ROBINS AIR FORCE BASE, Ga. (AFNS) – August 27, 2015 — The C-5 System Integration Lab at Robins Air Force Base has been preparing to accommodate upcoming changes to the weapon system’s color weather radar capabilities for the last several months.
Full-scale development is now underway by Lockheed Martin to update to a new version of the color weather radar, as well as its core mission computer, which is the heart of mission planning while a C-5 Galaxy is in flight. It allows the crew to see where danger spots are such as thunderstorms, tornadoes and high winds.
The C-5?s current robust testing environment at Robins AFB includes a facility that uses a salvaged cockpit section from a C-5 that crashed at Dover AFB, Delaware, in 2006.
The existing flight deck allows 578th Software Maintenance Squadron electronics engineers, technicians and computer scientists the ability to simulate and test software, perform preflight tests and eliminate issues before it’s used on live aircraft.
“If we can eliminate issues through testing in the SIL, we don’t tie up people and resources down the line,” said Robert Hermann, the 578th SMXS director.
But in order to accommodate the pending workload associated with the new color weather radar, several hardware modifications to the existing lab had to be worked.
That included designing, fabricating and installing an electronics cabinet/enclosure; fabricating and installing cables from the lab’s cockpit to the cabinet/enclosure; and designing an antenna fixture and pedestal that allows for proper antenna rotation during testing.
An air conditioning and heating unit that maintains temperature and humidity inside the enclosure was also installed. Along with the color weather radar’s receiver/transmitter, the enclosure, located on the building’s roof, will support the antenna fixture/pedestal assembly and the radome. The radome, which took about a week and a half to fabricate, simulates the functionality of an actual C-5 nose radome.
A team got together in advance of testing to build the radome here which will ensure the C-5 SIL will be ready by the fall. Eliminating the major constraint of building the radome at Robins AFB demonstrated taking initiative and applying ingenuity to provide a solution which is part of key concepts outlined in the Air Force Sustainment Center’s Art of the Possible.
According to the Art of the Possible, it “creates a culture that is focused daily on identifying and urgently eliminating process constraints affecting the process critical path during execution.”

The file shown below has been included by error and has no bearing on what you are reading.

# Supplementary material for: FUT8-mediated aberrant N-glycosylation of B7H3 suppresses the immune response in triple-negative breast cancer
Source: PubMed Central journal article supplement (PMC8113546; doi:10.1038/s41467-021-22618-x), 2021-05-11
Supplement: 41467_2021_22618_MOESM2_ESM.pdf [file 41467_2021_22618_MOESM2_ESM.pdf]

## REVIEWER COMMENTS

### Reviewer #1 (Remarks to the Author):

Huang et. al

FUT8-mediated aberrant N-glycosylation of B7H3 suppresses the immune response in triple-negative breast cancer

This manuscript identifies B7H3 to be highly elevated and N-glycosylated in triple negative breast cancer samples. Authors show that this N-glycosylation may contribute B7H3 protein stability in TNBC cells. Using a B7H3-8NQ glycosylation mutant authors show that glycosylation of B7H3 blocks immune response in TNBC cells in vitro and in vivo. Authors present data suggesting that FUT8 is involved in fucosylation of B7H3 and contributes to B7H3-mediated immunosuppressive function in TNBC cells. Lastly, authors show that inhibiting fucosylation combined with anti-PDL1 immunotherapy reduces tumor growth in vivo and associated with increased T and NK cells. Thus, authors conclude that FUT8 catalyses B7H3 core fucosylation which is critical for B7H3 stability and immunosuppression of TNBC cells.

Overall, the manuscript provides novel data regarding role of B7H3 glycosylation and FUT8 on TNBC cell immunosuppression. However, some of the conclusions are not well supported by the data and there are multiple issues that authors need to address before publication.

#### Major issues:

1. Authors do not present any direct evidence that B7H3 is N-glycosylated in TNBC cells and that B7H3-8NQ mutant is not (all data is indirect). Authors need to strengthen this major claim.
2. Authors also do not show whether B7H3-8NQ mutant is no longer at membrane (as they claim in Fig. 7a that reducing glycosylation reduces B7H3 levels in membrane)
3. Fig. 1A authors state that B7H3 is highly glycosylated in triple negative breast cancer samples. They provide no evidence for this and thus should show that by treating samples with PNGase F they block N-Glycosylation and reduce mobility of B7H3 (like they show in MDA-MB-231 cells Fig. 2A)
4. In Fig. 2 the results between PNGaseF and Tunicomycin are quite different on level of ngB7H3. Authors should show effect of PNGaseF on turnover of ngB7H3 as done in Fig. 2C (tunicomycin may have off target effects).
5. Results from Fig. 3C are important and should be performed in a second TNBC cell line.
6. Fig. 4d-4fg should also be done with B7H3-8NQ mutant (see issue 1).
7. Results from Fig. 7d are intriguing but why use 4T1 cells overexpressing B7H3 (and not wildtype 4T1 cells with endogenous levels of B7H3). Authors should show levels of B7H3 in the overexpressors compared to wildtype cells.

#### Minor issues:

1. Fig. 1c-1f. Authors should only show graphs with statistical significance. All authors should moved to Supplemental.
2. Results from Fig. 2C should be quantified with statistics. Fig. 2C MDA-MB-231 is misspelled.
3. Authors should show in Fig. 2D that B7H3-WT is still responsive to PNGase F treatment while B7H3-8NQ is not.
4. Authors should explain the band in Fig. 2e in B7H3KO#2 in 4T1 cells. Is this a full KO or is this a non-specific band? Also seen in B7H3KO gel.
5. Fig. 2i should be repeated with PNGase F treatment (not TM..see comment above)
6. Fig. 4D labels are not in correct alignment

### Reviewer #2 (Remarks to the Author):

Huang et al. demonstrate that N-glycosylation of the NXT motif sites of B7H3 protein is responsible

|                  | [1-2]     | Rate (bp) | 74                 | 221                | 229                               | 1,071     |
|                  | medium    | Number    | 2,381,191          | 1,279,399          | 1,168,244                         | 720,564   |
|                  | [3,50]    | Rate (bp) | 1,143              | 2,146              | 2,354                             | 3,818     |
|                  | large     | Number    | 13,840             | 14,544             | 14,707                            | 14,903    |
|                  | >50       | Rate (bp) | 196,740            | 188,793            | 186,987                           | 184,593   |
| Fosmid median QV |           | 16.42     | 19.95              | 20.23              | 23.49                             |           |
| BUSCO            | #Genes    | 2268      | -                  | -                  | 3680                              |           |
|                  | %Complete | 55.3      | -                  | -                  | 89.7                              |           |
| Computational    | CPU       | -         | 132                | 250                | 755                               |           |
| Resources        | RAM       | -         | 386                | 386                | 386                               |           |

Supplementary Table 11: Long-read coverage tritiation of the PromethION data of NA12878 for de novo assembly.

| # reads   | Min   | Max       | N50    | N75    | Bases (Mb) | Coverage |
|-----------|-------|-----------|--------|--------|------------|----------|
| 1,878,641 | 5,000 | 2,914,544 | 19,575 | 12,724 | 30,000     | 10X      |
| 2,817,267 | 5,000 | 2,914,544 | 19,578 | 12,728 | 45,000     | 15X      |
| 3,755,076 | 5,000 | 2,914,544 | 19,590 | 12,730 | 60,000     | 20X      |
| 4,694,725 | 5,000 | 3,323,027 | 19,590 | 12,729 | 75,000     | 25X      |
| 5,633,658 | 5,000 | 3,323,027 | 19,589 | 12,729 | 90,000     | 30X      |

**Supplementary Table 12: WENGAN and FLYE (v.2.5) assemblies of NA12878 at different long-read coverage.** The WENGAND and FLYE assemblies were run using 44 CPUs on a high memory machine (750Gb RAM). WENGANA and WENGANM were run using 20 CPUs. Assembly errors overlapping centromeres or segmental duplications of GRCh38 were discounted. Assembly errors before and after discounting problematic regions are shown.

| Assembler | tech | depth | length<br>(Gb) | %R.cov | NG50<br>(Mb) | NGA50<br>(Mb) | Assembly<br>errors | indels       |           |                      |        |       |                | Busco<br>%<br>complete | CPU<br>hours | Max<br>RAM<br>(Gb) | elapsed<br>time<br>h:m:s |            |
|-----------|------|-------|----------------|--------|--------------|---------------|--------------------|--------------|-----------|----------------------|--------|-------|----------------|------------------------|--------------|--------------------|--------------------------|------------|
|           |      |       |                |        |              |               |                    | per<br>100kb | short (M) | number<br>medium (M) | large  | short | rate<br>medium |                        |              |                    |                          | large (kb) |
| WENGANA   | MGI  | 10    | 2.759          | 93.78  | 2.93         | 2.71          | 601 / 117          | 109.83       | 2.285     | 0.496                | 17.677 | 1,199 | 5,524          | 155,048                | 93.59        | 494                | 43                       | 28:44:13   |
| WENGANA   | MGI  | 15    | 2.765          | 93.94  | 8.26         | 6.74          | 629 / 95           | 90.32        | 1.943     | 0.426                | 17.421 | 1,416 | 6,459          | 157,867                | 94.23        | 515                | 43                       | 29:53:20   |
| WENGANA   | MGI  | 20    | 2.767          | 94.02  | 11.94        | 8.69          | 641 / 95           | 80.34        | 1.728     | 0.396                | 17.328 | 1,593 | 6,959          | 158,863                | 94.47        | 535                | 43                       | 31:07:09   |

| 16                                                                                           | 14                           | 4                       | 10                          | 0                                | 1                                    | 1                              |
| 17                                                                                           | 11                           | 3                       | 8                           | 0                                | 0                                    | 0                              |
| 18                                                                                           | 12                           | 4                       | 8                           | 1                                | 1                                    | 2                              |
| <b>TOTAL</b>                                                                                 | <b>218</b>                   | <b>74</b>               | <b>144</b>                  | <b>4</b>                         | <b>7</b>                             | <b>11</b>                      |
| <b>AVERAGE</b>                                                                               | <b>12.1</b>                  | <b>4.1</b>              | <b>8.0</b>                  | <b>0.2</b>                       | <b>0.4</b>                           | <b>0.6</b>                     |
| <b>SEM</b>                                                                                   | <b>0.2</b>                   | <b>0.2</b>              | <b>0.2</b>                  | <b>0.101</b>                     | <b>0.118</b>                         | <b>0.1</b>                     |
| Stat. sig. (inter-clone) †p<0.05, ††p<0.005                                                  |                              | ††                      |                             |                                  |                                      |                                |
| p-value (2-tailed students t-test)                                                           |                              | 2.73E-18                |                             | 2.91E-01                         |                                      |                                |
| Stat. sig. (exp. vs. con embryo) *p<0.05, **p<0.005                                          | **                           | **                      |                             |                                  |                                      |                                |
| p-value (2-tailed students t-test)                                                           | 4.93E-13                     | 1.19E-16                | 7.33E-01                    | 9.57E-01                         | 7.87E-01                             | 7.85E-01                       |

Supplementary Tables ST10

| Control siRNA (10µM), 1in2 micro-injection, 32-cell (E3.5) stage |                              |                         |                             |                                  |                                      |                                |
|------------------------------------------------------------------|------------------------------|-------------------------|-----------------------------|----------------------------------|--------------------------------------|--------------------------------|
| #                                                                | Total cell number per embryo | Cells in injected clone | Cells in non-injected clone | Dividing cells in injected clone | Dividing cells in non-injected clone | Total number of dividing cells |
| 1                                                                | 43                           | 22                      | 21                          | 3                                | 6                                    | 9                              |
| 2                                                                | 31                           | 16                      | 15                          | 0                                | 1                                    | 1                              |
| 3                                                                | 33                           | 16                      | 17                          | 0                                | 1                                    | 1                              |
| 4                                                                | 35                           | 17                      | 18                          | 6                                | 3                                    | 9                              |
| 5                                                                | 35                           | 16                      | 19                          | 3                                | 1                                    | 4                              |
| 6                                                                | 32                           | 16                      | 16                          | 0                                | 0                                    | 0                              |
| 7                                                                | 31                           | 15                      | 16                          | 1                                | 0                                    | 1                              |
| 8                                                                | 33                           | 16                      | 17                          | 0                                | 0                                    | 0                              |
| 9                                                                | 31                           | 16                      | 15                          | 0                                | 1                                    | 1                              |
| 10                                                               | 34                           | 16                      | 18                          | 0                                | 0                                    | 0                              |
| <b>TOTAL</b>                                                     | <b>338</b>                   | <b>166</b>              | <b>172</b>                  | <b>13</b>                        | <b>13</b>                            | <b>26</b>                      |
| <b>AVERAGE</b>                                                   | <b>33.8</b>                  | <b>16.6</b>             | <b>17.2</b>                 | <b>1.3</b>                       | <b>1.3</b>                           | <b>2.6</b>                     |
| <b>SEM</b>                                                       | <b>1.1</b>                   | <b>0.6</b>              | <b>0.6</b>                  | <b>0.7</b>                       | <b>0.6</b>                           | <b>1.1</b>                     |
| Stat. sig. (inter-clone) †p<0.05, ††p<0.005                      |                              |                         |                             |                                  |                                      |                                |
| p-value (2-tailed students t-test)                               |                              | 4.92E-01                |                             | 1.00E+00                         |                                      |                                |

Once complete, the C-5 SIL will have the capability to receive live data from the antenna, picking up weather patterns that can be transmitted back to engineers working inside the C-5 simulator.
“We had to design and implement this modification to the SIL so that the radar would function just as it does in a fielded C-5 aircraft,” said Warner Paris, the 578th SMXS Flight B director, who oversees the C-5 SIL. “For high fidelity testing capabilities, we want to simulate the aircraft and its environment.”
Advantages over the older weather radar include the addition of wind shear and turbulence detection; a digital output signal that will reduce electronics required to interface with digital displays and equipment; a lower power pulse with comparable range; and mitigation of obsolescence, supportability and sustainment issues.
“The new color weather radar is a functional upgrade over the old radar, detecting more weather feature details,” Paris said. “It will have additional capabilities but with less drain on the aircraft, less power but with a comparable range due to the technology in use.”
Designed to support sustainment of the C-5, the SIL can perform independent verification and validation testing of operational flight program changes.
Miles of cables and wiring that run from the lab’s ground floor to the roof are part of the bench that supports two configurations of the C-5 in the field: the Avionics Modernization Program and the C-5M Reliability Enhancement and Re-engining Program.
Through these capabilities, actual on-board systems in the SIL flight deck work in conjunction with simulations for other systems that exist on the actual aircraft, as well as conditions that exist within and external to the aircraft.
That is, simulating systems that are not present, such as engines, landing gear, control surfaces and fuel; simulating external conditions such as wind, temperature, barometric pressure and air traffic; and simulating aircraft conditions and responses such as cabin pressurization.
The 402nd Software Maintenance Group develops, engineers, tests and maintains software for a wide range of aircraft and other weapons systems.
Engineering and manufacturing development testing of the color weather radar is scheduled to begin here in mid-November.